The challenge when you return to racing after some time away is you forget just how many things had to go in your favour to be successful. You convince yourself that, somehow, it was all down to you outdriving people, but there are a lot of things that have to be right for you to be in a winning position.
Very few people have ever won the world championship in anything but the best car. From 2000 to '04, Michael Schumacher had the best car on the Bridgestone tyres, he dominated the team and he won. Of course, he was a great driver, but when he came back in '10, even his brother Ralf wasn't convinced about the wisdom of the move.
For a while I think it took the shine off his legacy. When he came back he was kept honest the whole time by Nico Rosberg. Rosberg got better, and Schumacher lost a certain amount of momentum.
I personally think it's a pity how it turned out, but people have an amazing knack of forgetting the bad part and just looking back to his glory days at Ferrari.
People completely forget about Alan Jones's comeback. He had that wonderful 1980 season, and even '81 up to a point in the Williams, but when he turned up again in a Beatrice-Lola at the end of '85, it didn't work out for him. He also did a race at Long Beach in an Arrows in '83 after a couple of years away, but when he drove the Beatrice with Patrick Tambay, that mojo had gone. He wasn't in the best car, but people erase that from their memories.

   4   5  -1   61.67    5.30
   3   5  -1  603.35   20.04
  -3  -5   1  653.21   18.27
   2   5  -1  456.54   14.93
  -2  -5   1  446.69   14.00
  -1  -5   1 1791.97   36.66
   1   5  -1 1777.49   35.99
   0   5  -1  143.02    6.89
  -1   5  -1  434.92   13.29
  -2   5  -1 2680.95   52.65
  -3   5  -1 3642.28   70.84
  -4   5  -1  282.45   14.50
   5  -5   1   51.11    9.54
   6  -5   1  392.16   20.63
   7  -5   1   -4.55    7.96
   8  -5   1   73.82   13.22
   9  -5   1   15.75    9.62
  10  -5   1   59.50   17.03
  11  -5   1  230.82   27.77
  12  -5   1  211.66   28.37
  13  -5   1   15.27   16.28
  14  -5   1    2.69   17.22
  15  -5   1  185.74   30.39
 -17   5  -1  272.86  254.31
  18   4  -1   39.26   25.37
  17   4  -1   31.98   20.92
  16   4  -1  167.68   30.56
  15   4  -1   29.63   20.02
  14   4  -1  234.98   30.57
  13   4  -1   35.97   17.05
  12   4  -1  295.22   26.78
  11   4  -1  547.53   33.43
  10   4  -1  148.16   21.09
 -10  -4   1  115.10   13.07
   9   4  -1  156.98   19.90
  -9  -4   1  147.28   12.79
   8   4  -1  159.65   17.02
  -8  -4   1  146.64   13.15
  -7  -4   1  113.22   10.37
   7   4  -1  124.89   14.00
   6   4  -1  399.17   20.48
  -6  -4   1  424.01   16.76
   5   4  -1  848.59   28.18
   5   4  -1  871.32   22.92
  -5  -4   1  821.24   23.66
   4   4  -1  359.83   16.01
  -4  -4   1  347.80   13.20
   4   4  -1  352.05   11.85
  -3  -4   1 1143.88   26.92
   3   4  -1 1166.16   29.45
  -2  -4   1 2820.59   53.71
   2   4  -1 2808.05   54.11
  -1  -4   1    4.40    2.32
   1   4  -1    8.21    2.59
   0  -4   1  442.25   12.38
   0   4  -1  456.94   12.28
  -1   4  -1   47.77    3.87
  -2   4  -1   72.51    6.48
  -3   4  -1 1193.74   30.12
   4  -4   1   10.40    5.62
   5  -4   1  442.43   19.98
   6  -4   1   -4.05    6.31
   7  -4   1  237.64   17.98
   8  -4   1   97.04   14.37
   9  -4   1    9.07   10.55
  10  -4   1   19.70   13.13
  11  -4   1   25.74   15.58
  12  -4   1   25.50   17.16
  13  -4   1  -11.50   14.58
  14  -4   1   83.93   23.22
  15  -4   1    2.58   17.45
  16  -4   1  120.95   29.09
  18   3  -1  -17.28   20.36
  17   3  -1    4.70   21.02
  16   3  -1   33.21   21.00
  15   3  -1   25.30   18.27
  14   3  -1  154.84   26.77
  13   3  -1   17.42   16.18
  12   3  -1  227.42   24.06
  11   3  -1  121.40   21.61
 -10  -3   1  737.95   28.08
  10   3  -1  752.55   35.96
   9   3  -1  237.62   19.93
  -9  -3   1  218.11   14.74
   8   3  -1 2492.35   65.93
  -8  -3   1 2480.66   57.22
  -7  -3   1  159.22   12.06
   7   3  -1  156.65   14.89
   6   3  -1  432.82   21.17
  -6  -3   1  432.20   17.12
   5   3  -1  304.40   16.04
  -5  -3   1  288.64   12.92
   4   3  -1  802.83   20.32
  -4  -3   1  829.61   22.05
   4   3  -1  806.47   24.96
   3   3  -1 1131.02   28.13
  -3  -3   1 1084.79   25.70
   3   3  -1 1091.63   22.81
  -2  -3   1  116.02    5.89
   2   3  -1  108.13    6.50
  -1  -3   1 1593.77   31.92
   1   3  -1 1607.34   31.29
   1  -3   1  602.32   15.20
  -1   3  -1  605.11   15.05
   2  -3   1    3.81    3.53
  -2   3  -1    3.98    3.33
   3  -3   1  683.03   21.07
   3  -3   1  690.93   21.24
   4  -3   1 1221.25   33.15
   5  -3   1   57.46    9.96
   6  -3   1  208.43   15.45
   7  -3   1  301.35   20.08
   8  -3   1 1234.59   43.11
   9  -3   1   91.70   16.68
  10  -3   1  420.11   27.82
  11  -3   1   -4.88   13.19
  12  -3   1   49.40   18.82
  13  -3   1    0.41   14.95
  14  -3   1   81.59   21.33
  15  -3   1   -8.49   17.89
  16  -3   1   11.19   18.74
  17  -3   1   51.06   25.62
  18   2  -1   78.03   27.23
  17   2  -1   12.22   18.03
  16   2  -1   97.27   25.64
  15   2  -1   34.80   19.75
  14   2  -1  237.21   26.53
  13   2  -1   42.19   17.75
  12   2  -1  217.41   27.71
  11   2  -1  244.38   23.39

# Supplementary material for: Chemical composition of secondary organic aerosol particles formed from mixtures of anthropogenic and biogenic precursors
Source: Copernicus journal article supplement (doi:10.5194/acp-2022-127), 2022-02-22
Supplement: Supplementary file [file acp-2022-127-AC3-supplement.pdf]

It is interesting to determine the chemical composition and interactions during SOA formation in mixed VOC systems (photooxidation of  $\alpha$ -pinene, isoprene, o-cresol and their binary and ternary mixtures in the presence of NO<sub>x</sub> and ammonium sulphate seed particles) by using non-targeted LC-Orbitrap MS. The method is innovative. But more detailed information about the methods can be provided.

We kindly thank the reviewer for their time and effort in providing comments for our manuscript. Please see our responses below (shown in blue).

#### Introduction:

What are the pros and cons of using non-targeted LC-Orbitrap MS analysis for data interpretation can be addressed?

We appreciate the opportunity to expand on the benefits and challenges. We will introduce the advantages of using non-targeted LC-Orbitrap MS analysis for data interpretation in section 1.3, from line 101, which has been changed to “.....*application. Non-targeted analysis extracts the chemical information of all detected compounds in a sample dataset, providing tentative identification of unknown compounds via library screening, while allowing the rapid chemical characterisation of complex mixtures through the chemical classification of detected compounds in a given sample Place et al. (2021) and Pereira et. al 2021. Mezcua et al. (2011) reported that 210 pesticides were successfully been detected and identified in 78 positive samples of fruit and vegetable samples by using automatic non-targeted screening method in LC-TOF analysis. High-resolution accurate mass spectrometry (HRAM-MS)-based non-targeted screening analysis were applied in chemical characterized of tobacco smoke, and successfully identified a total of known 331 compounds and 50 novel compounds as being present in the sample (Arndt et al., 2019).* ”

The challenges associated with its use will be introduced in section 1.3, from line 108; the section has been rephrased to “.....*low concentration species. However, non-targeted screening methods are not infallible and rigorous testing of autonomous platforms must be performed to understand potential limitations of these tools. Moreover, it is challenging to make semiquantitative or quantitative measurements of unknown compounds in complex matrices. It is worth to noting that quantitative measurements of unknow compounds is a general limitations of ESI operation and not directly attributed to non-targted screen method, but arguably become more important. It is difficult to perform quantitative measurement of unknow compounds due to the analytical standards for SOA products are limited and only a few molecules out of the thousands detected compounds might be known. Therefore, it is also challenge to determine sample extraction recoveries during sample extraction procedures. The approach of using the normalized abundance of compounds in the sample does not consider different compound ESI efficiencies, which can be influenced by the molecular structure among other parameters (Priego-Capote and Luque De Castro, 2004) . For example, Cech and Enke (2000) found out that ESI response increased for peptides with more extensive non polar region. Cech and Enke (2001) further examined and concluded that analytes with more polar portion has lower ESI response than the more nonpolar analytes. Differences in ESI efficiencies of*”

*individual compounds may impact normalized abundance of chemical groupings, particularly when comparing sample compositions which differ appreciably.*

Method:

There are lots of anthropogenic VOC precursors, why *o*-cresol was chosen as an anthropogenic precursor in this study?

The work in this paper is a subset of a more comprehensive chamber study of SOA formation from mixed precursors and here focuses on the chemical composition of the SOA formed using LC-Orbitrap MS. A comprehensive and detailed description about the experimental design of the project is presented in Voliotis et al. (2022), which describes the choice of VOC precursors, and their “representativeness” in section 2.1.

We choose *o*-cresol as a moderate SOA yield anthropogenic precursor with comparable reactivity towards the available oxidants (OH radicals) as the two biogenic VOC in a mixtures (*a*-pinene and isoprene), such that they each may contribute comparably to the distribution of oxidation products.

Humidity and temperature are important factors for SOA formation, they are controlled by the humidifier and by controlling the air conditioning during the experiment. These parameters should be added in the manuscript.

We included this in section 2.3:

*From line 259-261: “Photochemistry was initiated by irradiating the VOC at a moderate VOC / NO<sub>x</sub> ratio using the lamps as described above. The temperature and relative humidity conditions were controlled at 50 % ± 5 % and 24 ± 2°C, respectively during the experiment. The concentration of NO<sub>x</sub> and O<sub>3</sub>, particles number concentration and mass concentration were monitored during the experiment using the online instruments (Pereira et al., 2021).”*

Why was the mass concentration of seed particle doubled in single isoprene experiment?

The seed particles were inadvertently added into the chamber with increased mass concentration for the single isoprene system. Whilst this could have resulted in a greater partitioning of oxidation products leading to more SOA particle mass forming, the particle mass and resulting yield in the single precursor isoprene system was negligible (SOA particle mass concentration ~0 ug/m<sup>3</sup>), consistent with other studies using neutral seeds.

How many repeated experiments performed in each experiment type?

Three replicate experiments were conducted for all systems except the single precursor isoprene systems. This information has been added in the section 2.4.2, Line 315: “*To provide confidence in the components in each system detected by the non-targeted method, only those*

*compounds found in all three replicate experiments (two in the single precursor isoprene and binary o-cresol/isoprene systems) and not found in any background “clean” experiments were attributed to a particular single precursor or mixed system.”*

In every success story, there's a point where both car and driver come together at their absolute peak and are able to take advantage when the opposition is that little bit weaker. Sometimes we sugar-coat our memory and think that's what we always were.
Recreating the glory days in a slightly different environment, and at a different time, is much easier said than done, because when one part of that formula breaks, the whole chain falls apart.
Take Jacques Villeneuve. The Ferrari wasn't fully developed in '97 - Schumacher was still three years away from winning world titles - but anything from there on for Villeneuve simply didn't work. That's not to say that Villeneuve wasn't a talented driver, but thinking that win defines you is forgetting the other times you didn't win.
To make the comeback work takes something extraordinary, and Niki Lauda was that. He's probably the only one who made a true success of it.
Yes, Mika Hakkinen came back from being seriously injured in the final race of 1995 and went on to win two championships, but he only missed one race. Lauda recovered from horrific injury at the Nurburgring in 1976 to win the title the following year, and came back from retirement to become champion in '84 as well. He was out of F1 for two full years, returned into a different environment and delivered.
Kimi Raikkonen managed to come back and win after his stint in the WRC, but that's different from Lauda because Kimi was driving all the time. The same goes for Juan Pablo Montoya winning the Indy 500 after 15 years away, as he was doing Formula 1, NASCAR and sportscars in between. Both will have developed from staying active; it wasn't like they were retired.